Despite the rainy days since the school holidays began, I know that there will be sunny days when we explore the South West and go out and about. This is not wishful thinking! Like much of life, the dhoop chaaw (धूप-छांव translated from the Hindi to sun and shade), the ups and downs of life mean that despite the Covid 19 and its rampage, I have friends who are pregnant, who have secured new and exciting jobs, who have found partners and are walking in the Alps (of their minds) …life and love keep blooming and the shades of grey disappear in the gleam of the rainbow lurking behind the clouds.  

Newspaper and magazine editors are passionately writing about the learning being unleashed and the profound and positive change that is happening. We are hopeful, that hope exists along with the difficulty, uncertainty, and the suffering that lies ahead.   Before we go much further, I must make clear that the views expressed in the newsletter are of the authors and do not necessarily reflect that of SaaS. I also invite articles to reach me before the 20th of the next month at the following email: southasiansocietynewsletter@gmail.com. Let us make this collective resource a big success.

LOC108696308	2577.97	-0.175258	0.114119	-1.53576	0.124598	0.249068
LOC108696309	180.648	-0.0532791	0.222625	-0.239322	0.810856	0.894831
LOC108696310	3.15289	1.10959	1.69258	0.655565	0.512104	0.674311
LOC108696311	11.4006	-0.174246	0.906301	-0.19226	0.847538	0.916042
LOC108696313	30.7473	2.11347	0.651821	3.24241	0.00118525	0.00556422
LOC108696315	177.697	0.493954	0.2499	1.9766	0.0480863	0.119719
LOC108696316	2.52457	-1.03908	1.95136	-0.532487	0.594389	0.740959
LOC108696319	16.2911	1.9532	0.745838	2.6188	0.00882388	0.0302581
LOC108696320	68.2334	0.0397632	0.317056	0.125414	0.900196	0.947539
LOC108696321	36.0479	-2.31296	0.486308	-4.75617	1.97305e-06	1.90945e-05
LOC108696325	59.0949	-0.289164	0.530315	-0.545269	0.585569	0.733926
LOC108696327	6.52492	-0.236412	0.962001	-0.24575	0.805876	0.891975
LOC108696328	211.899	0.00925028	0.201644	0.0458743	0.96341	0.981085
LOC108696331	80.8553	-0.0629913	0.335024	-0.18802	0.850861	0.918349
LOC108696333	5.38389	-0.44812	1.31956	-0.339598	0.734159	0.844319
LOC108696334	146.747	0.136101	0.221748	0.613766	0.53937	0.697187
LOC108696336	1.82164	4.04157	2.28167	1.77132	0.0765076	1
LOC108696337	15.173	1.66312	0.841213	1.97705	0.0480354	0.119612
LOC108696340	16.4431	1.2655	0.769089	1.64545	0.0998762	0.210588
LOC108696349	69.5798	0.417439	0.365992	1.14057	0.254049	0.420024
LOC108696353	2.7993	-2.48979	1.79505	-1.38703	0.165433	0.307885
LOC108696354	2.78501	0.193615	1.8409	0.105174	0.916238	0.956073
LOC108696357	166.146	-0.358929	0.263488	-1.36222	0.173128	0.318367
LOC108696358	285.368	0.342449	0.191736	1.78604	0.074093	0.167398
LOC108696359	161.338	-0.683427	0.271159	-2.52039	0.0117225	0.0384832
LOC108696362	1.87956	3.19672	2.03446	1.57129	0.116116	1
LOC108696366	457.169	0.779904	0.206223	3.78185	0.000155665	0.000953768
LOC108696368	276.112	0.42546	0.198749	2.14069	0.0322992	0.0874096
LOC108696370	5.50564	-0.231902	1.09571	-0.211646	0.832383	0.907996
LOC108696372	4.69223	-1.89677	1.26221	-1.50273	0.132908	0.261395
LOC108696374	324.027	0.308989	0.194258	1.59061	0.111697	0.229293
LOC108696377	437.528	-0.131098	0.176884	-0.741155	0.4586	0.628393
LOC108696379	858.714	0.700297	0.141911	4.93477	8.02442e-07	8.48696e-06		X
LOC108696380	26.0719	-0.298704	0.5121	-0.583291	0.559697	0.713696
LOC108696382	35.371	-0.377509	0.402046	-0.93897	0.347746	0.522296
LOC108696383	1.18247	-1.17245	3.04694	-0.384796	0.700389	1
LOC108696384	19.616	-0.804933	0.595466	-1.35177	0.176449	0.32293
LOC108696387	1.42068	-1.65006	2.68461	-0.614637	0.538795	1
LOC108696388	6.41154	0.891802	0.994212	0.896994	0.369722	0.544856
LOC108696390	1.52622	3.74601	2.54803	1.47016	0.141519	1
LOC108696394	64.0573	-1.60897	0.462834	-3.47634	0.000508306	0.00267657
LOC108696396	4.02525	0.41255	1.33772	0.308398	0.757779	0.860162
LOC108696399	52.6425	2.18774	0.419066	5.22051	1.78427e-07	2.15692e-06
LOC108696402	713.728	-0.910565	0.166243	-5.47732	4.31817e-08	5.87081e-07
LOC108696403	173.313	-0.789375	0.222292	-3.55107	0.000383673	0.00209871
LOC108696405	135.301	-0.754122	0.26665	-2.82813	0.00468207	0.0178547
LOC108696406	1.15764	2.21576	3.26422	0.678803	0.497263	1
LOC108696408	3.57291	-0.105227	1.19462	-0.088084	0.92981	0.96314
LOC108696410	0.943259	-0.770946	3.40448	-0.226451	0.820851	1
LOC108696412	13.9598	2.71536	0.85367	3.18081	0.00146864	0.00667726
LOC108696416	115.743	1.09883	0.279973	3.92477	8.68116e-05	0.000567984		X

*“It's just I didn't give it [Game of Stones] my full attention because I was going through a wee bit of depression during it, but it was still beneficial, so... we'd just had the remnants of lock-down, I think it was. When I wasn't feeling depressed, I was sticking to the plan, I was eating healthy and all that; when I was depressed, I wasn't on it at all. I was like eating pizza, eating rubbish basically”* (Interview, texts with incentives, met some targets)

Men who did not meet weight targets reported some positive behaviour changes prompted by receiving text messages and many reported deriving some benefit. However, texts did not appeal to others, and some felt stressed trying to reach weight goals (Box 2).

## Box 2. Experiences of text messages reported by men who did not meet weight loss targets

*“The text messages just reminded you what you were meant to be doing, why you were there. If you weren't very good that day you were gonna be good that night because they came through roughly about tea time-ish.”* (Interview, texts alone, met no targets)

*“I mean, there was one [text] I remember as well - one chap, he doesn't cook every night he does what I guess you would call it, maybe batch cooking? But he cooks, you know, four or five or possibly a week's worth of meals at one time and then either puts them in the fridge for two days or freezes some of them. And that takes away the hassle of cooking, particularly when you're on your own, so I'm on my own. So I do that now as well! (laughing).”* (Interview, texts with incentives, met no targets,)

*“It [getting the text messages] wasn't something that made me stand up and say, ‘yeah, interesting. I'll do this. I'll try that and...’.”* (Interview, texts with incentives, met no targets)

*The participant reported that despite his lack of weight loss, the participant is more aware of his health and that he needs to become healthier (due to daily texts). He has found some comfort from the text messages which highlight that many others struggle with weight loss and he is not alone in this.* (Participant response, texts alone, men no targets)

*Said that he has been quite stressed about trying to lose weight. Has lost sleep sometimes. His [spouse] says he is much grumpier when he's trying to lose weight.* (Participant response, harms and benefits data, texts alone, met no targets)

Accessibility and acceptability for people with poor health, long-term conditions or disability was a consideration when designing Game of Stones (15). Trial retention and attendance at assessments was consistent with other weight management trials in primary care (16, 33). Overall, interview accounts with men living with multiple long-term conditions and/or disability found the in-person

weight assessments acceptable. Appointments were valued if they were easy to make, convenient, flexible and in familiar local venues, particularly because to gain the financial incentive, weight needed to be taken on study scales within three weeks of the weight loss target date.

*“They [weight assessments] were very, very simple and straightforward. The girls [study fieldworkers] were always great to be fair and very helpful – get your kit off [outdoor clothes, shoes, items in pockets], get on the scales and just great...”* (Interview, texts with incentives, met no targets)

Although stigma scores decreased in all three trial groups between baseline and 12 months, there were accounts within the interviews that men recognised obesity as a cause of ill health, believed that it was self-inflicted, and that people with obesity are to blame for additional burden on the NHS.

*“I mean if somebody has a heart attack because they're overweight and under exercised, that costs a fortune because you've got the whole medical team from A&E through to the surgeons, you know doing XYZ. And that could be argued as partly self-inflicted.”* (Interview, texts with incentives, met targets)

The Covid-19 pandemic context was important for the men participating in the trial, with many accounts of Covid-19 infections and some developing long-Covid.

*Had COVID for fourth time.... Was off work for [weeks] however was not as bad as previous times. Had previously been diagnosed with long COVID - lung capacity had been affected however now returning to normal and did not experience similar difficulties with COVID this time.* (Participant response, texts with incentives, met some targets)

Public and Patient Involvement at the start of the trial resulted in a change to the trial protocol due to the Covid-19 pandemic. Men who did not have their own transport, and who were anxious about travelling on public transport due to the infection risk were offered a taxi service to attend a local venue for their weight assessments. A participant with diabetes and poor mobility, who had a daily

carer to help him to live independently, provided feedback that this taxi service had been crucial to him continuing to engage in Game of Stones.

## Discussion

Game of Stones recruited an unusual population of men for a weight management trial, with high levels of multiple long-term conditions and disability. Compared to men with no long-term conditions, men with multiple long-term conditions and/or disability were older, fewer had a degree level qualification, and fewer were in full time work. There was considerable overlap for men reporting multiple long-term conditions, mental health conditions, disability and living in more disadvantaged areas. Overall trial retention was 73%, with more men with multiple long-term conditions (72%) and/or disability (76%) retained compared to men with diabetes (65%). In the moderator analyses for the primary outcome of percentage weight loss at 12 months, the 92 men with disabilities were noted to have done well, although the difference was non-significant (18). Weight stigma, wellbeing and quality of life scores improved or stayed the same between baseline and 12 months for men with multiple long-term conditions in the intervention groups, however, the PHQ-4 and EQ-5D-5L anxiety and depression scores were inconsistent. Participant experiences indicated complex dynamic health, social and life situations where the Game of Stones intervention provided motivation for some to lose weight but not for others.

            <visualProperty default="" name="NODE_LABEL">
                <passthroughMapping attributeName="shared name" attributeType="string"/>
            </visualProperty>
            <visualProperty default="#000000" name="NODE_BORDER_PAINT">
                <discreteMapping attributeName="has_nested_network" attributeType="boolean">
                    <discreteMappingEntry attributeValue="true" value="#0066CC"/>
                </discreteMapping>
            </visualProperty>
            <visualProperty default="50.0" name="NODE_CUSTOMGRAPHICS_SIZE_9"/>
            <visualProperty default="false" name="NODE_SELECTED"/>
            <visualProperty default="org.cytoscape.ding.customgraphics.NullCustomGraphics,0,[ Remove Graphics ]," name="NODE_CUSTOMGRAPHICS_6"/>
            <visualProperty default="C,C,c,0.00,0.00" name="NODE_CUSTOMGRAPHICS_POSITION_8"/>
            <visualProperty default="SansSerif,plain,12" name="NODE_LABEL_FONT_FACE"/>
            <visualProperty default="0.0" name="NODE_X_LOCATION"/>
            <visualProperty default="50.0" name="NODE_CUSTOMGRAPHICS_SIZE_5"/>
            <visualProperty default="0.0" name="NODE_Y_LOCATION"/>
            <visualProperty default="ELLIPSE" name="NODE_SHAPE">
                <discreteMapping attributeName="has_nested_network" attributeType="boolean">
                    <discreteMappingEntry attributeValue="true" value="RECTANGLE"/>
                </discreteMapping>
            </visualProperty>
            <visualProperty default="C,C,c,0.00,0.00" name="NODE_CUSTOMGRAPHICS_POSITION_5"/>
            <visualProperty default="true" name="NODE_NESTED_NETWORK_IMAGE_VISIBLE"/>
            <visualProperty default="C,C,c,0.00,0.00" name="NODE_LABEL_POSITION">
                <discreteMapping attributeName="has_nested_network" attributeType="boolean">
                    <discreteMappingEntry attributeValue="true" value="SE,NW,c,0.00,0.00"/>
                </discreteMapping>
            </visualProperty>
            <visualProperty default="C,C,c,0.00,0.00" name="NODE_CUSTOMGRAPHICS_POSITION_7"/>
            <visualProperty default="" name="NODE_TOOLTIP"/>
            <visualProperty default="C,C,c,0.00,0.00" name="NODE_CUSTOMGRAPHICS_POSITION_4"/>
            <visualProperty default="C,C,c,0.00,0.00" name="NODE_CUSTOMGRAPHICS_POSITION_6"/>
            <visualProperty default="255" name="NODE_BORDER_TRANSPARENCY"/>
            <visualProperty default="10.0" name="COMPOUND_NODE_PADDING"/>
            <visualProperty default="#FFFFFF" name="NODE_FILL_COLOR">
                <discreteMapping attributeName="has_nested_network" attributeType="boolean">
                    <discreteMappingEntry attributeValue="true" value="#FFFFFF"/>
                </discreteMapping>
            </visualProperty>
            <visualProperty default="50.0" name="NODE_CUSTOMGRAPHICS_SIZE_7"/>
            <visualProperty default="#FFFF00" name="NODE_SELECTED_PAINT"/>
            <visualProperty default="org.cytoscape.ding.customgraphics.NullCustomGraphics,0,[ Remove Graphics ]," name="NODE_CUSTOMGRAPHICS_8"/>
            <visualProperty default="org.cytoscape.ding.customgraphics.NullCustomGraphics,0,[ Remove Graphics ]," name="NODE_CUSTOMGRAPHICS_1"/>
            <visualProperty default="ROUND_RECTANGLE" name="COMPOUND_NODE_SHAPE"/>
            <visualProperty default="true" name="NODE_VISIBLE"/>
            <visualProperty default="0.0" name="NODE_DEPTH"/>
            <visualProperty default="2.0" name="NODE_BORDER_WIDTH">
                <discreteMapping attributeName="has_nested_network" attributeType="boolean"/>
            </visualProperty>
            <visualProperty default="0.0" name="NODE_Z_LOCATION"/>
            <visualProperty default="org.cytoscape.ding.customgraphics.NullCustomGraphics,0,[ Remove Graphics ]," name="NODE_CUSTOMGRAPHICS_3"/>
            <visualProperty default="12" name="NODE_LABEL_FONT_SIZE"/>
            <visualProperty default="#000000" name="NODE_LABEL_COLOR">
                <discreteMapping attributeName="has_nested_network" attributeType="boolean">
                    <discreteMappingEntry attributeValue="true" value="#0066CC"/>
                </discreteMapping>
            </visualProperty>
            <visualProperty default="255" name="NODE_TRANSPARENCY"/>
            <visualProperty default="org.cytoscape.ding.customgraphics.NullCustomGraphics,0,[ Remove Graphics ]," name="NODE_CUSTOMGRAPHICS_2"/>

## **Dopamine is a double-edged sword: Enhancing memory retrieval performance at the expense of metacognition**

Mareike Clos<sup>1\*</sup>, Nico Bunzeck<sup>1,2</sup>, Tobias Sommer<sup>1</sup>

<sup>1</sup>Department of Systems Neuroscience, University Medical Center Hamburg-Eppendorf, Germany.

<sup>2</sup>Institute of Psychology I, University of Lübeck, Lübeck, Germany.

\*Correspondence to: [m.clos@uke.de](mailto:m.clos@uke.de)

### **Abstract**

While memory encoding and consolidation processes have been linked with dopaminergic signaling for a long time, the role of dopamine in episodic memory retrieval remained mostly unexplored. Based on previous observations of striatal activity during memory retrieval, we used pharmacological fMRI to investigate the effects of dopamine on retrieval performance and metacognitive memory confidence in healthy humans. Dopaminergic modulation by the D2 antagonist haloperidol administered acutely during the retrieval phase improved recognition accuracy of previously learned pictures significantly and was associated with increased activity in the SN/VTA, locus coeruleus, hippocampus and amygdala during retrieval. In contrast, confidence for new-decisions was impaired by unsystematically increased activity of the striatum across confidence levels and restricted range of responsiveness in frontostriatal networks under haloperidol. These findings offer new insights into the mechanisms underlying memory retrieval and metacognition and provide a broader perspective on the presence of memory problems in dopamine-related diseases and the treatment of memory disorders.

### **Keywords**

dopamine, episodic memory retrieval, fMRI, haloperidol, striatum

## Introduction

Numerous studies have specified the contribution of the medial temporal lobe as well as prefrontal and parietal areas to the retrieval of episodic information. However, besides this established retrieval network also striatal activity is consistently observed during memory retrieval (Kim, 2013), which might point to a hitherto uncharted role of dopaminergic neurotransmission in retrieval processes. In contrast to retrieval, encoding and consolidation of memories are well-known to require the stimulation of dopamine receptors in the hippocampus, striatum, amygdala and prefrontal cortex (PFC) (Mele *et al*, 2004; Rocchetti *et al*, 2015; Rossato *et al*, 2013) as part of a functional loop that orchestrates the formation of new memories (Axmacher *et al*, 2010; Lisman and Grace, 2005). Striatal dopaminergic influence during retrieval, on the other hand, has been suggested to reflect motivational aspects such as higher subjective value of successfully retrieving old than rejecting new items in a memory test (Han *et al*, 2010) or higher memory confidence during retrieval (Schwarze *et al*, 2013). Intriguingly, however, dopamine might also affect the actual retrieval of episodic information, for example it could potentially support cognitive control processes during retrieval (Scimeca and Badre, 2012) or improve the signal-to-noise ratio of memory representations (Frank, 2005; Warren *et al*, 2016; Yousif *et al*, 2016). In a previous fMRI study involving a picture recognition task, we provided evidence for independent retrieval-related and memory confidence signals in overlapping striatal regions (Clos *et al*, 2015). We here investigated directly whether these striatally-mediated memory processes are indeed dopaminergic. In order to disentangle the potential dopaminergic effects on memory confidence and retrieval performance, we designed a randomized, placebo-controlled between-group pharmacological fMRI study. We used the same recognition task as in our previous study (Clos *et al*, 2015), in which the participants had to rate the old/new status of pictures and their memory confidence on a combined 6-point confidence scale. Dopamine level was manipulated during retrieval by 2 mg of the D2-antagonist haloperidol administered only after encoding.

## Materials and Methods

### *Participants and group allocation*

Nina Simone’s smoky rendering of Feeling Good reverberates in my mind as I pen off:

It’s a new dawn
It’s a new day
It’s a new life
For me
And I’m feeling good

Keep hoping, changing and smiling
Dr Smita Tripathi
Editor, SAaS Newsletter and Trustee

Nag Panchami & Raksha Bandhan

One of the very important festival among the hundreds of feasts and festivities in the Hindu culture is Nag Panchami . It is an extremely significant day in the Hindu calendar and this year it was celebrated on 25th of July 2020 on Saturday. It was celebrated throughout Nepal and India and other countries where Hindu adherents live. Worship is offered to Nag Devata or Serpent God on the fifth day of the bright half of the lunar month of Shravan, (July / August) according to the Hindu almanac. This is an annual celebration with the devotees of both Lord Shiva and Vishnu observing the day with great reverence and devotion.